In the CBEN experiments, Wong and collaborators compared the effectiveness of four varieties of palladium catalysts: bulk palladium, palladium powder on an aluminum oxide support base, pure palladium nanoparticles and a hybrid nanoparticle developed by Wong that consists of a gold nanoparticle covered with a thin coat of palladium atoms.
As metal particles get progressively smaller, a higher percentage of the atoms in the particle are found on the surface of the particle instead of being locked away inside the metal where they cannot interact with other chemicals. For example, in the bulk palladium, less than 4 percent of the palladium atoms were on surface of the particle. Pure palladium nanoparticles had 24 percent of the metal on the surface. In the gold-palladium nanoparticles, 100 percent of the palladium atoms are accessible for reaction.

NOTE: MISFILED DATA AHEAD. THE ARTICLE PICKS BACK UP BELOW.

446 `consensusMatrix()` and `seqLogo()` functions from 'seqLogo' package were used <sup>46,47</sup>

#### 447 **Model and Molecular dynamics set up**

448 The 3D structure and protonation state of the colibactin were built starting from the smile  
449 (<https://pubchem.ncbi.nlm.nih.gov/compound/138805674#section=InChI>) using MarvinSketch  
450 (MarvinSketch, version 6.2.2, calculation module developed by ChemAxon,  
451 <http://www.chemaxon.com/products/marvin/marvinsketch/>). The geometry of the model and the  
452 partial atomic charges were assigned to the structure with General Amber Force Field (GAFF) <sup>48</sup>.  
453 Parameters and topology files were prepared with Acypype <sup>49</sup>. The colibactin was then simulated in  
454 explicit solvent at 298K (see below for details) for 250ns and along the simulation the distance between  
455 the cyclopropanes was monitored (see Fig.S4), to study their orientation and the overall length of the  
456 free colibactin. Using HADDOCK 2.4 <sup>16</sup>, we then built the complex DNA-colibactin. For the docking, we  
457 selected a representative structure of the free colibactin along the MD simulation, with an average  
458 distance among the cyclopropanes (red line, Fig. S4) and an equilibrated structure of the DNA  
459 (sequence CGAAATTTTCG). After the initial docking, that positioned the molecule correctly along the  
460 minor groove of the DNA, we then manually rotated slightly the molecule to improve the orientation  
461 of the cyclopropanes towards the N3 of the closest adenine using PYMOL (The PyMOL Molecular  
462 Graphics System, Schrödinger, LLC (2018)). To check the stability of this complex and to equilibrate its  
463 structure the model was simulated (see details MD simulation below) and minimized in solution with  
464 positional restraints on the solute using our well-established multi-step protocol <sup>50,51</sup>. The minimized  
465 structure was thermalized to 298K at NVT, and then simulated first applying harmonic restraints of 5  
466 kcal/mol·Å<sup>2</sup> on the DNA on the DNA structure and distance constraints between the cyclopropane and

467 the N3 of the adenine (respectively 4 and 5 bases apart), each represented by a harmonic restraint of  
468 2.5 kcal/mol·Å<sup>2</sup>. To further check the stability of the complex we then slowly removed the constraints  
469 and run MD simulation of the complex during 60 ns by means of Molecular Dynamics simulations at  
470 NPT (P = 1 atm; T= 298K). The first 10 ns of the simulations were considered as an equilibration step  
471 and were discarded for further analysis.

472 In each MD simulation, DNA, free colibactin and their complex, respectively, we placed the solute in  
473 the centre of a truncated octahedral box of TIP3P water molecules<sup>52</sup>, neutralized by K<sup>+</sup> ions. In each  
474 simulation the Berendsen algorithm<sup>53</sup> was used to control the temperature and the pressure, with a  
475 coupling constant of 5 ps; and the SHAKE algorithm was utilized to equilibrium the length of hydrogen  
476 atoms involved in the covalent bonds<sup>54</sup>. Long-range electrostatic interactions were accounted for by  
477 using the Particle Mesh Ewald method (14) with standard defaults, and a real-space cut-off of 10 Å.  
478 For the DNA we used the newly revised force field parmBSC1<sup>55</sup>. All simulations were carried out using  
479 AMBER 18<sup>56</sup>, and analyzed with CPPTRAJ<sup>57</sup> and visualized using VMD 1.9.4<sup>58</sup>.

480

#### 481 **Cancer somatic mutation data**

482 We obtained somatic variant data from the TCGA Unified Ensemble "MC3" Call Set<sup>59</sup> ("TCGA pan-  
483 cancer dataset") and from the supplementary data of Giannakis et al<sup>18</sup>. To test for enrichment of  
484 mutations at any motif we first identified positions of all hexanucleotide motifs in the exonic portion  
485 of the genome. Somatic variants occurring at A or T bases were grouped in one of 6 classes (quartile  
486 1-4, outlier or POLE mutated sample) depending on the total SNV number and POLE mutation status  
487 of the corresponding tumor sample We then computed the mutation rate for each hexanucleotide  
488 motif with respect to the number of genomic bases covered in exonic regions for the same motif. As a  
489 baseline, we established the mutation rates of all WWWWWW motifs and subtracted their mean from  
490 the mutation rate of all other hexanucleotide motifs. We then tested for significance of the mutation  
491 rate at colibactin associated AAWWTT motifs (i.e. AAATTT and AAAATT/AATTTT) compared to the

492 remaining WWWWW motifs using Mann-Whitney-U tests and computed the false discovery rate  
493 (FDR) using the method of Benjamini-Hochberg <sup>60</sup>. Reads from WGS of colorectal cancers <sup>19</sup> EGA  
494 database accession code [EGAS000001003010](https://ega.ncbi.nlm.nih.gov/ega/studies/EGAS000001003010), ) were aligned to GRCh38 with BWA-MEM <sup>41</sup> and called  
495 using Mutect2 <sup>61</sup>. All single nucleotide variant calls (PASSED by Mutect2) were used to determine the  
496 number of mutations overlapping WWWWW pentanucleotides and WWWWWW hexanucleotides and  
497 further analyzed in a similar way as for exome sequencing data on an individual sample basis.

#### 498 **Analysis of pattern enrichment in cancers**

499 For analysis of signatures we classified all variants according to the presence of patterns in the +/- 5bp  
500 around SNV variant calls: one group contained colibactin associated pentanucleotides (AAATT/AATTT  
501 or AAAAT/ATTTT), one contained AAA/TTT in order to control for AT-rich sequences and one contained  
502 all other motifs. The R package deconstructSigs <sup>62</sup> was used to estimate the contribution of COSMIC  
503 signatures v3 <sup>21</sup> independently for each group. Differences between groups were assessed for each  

"We've documented the efficiency of these catalysts in breaking down TCE, and the next step is engineering a system that will allow us to get at the polluted groundwater," said Joe Hughes, professor of civil and environmental engineering at Georgia Institute of Technology and a co-leader of CBEN's environmental research programs. "The scale of TCE contamination is enormous, so any new scheme for TCE remediation has got to clean large volumes of water very quickly for a just a few pennies."
Hughes, Wong and their collaborators hope to develop a device that would include a cylindrical pump containing a catalytic membrane of the gold-palladium nanoparticles. The device would be placed down existing wells where it would pump water through continuously, breaking TCE into non-toxic components.
Cost is the pri